John Wyclif 1320--1384
In his book on the history of England, Robert Tombs provides the following pen portrait of the significance of John Wyclif.
Wyclif was, among other things, a critic of Church corruption, which meant mainly its wealth. His advocacy of Church disendowment won approval in elite political circles and support in Oxford. His other ideas were even more far-reaching, including attacks in the 1370's on papal authority and on transubstantiation, the doctrine that the sacramental bread and wine really became the body and blood of Christ. This caused horror among the orthodox and denunciation of Wyclif as "the great heresiarch," the first major English heretic and the most subversive thinker of the later Middle Ages, who influenced the Bohemian Hussite movement and indirectly Martin Luther. Wyclif's writings were repeatedly condemned by the Pope, but he was sufficiently protected by his patrons to be allowed to retire unmolested to his benefice at Lutterworth, where he died in 1384. In 1428 his remains were exhumed and burned on papal orders. [Robert Tombs, The English and Their History (New York: Alfred A. Knopf, 2015), p.133.]Wyclif's person and work were protected by his court connection with John of Gaunt. It is interesting with the benefit of hindsight to see that so many of the issues upon which he wrote and for which he advocated, preceded Martin Luther and the Reformation by 150 years. Clearly he was a prophet born out of due time.
Consequently, it is not surprising that the Roman Catholic Church responded to the Reformation in much the same way that it responded to John Wyclif a century and a half before. But one of the most significant aspects of Wyclif's work was to translate the Bible into the common English language of the day.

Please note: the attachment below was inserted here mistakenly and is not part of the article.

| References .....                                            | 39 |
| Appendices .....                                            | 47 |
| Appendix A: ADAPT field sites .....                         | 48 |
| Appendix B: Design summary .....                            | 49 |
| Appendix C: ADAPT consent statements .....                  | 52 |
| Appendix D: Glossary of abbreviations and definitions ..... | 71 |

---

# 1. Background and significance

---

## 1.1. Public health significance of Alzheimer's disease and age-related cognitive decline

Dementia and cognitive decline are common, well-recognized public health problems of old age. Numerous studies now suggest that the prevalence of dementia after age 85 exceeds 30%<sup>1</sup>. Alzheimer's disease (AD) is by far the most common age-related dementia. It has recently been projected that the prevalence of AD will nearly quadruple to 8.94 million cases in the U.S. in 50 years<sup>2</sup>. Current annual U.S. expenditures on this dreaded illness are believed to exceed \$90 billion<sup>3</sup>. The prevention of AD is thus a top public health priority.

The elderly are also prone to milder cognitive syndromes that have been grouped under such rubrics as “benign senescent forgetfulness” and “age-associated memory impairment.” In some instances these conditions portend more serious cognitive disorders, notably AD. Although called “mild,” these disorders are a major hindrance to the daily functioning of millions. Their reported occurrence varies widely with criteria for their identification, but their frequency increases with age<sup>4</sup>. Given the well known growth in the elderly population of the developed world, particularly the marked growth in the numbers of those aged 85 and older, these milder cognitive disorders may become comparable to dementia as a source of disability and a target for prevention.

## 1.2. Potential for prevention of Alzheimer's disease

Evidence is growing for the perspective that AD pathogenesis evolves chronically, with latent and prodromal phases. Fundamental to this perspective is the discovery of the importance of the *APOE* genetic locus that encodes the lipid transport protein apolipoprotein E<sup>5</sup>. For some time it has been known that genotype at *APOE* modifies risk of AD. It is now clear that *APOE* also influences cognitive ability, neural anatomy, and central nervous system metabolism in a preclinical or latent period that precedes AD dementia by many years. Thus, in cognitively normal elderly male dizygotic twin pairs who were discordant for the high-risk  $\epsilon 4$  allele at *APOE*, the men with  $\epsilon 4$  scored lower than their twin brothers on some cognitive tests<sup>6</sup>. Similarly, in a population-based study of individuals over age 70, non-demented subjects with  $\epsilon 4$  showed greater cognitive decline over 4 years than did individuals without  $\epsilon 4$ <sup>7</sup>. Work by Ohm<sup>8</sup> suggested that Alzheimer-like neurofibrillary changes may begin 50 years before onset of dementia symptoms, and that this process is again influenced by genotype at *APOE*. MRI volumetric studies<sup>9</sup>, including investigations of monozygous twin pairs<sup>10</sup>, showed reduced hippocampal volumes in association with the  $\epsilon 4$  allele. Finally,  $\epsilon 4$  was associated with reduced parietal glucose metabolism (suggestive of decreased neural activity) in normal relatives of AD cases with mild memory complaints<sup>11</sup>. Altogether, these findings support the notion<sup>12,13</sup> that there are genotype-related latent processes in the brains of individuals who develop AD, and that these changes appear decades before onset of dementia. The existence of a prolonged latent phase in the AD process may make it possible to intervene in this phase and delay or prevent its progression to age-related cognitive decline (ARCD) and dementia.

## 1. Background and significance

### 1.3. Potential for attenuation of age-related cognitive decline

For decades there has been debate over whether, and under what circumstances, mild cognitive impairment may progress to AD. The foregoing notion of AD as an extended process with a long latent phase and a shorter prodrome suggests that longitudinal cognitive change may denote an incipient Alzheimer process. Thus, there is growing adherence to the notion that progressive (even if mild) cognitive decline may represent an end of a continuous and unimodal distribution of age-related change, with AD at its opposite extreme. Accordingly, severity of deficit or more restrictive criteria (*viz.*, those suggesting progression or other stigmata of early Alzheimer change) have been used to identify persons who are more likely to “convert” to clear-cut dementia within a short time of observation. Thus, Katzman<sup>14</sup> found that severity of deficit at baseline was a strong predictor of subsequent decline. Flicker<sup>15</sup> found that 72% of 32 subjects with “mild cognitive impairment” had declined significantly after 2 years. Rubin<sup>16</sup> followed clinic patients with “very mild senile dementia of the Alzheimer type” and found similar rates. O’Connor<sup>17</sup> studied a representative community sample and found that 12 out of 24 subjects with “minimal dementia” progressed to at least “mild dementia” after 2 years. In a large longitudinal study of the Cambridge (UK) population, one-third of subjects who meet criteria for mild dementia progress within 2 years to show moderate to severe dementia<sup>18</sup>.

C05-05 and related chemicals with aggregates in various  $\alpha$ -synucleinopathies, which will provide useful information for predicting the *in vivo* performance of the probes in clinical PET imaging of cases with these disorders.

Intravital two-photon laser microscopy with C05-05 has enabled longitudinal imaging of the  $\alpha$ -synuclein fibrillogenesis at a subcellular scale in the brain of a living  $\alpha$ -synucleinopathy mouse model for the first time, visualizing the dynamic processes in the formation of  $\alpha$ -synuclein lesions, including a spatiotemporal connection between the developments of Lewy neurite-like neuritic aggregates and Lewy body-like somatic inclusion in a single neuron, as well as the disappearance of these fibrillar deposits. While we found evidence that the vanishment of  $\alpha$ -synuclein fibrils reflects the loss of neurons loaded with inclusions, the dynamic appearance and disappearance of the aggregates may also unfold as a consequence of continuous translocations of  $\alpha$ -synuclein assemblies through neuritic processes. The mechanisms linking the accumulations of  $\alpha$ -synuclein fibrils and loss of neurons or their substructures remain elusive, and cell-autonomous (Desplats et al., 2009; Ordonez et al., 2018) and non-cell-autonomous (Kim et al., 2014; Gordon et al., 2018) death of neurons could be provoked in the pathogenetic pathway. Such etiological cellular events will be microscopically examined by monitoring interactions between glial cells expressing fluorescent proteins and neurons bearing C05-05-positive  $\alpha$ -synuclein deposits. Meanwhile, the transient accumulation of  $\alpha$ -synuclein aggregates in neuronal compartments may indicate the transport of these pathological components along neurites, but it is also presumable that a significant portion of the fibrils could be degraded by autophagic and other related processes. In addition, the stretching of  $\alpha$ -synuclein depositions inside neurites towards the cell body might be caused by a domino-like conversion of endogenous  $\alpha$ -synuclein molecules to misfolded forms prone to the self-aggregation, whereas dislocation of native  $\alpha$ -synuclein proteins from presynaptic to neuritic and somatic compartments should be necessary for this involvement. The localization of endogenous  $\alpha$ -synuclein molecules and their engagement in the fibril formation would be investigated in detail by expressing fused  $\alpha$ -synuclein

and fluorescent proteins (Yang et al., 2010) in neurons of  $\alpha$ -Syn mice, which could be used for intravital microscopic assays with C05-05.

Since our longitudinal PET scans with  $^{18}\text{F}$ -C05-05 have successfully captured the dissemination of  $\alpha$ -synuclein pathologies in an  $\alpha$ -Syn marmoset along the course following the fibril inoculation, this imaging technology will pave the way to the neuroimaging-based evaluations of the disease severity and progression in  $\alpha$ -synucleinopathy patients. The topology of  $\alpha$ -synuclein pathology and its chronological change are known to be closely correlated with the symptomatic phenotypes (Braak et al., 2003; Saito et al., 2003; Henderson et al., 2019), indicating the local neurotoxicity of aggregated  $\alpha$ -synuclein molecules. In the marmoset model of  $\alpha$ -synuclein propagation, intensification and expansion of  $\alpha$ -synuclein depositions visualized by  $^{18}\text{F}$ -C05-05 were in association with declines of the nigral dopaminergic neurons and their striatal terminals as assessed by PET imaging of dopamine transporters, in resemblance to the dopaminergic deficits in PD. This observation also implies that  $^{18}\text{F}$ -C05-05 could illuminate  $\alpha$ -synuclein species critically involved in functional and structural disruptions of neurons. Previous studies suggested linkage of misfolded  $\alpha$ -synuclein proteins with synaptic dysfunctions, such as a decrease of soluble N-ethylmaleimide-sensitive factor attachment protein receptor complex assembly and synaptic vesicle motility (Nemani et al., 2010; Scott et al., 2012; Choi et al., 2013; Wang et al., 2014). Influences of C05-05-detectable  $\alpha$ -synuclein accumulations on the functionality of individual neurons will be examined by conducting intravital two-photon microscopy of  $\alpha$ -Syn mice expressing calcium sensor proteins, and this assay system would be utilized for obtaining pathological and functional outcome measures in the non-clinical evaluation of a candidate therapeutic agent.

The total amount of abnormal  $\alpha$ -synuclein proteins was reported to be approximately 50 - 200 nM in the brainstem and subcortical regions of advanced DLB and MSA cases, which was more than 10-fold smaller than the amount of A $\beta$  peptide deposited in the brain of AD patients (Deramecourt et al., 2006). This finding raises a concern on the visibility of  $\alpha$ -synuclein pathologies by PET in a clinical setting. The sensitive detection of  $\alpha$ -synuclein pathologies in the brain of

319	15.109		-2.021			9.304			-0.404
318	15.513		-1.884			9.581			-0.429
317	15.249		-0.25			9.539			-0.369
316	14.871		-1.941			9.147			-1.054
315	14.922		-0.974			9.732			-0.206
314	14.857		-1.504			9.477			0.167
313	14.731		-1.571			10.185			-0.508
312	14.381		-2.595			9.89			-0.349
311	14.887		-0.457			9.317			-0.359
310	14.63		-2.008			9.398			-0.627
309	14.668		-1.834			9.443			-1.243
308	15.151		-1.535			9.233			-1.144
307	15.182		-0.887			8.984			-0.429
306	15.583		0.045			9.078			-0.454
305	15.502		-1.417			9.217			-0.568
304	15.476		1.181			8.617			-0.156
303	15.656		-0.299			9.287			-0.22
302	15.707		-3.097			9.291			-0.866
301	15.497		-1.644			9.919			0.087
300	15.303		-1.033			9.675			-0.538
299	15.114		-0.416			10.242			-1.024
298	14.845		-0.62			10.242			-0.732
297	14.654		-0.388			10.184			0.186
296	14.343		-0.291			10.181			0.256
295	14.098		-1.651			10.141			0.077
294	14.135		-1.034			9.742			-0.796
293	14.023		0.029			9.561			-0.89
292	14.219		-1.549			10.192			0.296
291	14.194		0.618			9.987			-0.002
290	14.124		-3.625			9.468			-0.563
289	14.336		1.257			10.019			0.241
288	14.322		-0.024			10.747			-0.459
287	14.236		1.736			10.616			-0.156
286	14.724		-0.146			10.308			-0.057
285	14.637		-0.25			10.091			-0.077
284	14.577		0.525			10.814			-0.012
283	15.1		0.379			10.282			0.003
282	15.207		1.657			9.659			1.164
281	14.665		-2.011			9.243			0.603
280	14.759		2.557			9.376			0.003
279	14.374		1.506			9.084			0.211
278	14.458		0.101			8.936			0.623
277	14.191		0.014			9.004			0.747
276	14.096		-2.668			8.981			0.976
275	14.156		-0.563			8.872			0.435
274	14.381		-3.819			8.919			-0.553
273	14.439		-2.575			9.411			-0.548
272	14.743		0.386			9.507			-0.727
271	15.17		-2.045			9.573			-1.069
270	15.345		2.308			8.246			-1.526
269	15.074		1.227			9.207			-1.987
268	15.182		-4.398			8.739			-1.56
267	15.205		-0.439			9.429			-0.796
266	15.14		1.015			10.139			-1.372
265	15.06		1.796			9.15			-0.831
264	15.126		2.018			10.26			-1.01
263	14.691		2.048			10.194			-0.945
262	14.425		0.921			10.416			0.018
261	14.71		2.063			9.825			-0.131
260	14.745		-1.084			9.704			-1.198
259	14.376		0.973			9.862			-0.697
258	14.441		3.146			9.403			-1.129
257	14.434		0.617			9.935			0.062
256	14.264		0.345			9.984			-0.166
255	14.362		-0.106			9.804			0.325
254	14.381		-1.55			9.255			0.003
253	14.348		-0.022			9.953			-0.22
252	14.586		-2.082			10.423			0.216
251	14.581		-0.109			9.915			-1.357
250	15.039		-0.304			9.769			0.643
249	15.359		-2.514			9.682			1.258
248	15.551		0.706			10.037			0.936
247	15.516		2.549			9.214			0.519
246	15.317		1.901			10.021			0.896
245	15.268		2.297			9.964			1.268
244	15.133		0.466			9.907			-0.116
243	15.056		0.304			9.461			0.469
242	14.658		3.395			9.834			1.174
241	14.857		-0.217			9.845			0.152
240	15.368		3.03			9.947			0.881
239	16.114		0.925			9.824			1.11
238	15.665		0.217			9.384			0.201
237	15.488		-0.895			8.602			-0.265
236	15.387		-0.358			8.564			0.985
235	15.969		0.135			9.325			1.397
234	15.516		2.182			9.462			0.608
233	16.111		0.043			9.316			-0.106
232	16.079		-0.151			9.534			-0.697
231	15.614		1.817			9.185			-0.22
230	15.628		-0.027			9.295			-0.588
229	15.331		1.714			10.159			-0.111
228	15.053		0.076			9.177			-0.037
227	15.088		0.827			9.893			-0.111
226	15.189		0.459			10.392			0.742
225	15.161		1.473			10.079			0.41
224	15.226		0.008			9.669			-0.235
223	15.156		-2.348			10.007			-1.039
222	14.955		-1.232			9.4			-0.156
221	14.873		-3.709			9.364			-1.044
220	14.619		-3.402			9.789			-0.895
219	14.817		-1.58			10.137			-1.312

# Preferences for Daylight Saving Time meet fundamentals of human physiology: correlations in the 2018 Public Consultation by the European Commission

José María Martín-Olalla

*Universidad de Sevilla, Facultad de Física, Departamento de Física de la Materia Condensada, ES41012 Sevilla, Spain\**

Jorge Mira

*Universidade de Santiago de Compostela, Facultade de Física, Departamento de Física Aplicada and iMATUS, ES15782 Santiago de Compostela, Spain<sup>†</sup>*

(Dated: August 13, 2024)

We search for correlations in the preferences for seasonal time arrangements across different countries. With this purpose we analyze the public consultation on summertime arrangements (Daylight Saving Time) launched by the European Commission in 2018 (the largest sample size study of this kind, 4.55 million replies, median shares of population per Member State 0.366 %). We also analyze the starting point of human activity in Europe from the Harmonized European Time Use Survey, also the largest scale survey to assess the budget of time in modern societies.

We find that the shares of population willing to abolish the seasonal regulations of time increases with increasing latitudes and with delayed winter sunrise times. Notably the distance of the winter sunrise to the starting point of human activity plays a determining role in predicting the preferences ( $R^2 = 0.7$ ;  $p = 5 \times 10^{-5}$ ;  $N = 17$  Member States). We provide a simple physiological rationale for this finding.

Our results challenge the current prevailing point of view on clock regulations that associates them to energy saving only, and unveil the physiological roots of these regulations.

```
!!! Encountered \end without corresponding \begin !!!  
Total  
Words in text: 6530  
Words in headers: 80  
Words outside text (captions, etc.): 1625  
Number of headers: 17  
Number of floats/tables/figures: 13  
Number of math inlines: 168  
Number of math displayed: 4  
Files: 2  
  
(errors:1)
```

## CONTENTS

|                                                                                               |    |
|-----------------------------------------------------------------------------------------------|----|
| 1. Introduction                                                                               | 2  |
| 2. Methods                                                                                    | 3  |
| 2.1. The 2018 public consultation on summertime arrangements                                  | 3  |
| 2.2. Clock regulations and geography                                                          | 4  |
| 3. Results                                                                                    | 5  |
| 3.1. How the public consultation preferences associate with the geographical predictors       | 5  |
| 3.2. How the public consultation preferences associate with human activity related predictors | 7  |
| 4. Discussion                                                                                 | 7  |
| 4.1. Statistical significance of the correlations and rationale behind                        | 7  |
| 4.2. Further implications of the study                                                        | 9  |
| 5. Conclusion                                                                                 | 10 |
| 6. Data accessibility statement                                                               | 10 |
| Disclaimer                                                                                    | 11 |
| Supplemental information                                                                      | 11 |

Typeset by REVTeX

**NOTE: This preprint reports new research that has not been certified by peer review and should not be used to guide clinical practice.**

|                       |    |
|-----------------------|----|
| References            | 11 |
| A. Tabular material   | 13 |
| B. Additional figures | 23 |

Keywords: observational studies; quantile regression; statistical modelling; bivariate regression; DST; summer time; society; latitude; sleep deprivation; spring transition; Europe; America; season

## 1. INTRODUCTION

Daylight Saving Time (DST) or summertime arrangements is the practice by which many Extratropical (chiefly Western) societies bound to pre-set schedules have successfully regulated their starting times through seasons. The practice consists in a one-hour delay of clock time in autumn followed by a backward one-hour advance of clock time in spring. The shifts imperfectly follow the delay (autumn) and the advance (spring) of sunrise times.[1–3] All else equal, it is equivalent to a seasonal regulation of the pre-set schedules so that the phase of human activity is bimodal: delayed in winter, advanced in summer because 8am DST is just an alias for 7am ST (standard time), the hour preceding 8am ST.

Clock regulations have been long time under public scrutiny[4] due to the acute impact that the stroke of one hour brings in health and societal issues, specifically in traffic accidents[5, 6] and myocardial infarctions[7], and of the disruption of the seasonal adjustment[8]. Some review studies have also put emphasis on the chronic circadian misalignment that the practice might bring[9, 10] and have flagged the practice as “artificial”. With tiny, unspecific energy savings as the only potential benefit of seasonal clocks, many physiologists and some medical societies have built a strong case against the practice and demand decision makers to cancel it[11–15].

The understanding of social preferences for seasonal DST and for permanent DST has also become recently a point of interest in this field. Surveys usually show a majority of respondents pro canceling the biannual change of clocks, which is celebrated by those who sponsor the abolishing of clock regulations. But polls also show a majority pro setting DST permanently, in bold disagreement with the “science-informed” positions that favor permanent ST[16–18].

A crucial part of the work of Wyclif and his followers--insultingly called "Lollards"; that is, mumblers--was to translate the Bible. This would, some thought, lead to a return to the golden age of Bede and Alfred, themselves Biblical translators. A first word-for-word translation of the Latin Vulgate appeared in 1382, and a revised, slightly freer and more comprehensible version in 1388.The ecclesiastical powers felt the heat, so to speak, and for the first time heresy was made a capital offence in England.
As a cultural development, this can hardly be exaggerated: it was by far the most important body of English prose since the Conquest, and--mass produced as far as manuscript-copying allowed--it had a much wider circulation than any other English writings. It met a desire--so the Wycliffites hoped, and so their enemies came to fear--by laypeople, both nobles and "simple men" and women, to lead a more active an autonomous religious life. There was a controversy about whether English ("not angelic", thought one chronicler) was an adequate or dignified medium for the divine Word: one English version translated biblical wine as "cider."
"The pearled gospel," lamented one chronicler, was being "trampled by pigs." But Lollards insisted that English was suitable, and perhaps even better than Latin. [Ibid.]
The 1409 Constitutions of Oxford instituted unprecedented policing of belief..The translation into English of any passage or phrase from the Bible was forbidden without the permission of a diocesan council--stricter controls than anywhere in Europe, and which would in theory have condemned a large body of existing literature, including the Canterbury Tales. [Ibid., p.133f.]As always happens, forbidden fruit is the sweetest. This placed a great value and symbolic primacy to Wyclif's English language translation of the Scriptures.
The desire for an English Bible caused "Lollard Bibles" to be treasured and hidden, and the exquisite quality of some surviving copies proves it had an elite following. [Ibid., p.134.]Then, as now, putting the Scriptures in the hands of the common man and teaching the Bible in apostolic fashion--that is, clearly and with authority--is a a radical and revolutionary act. In the days of post-Christian apostasy in the West, an army of modern-day Lollards would be a thing to behold.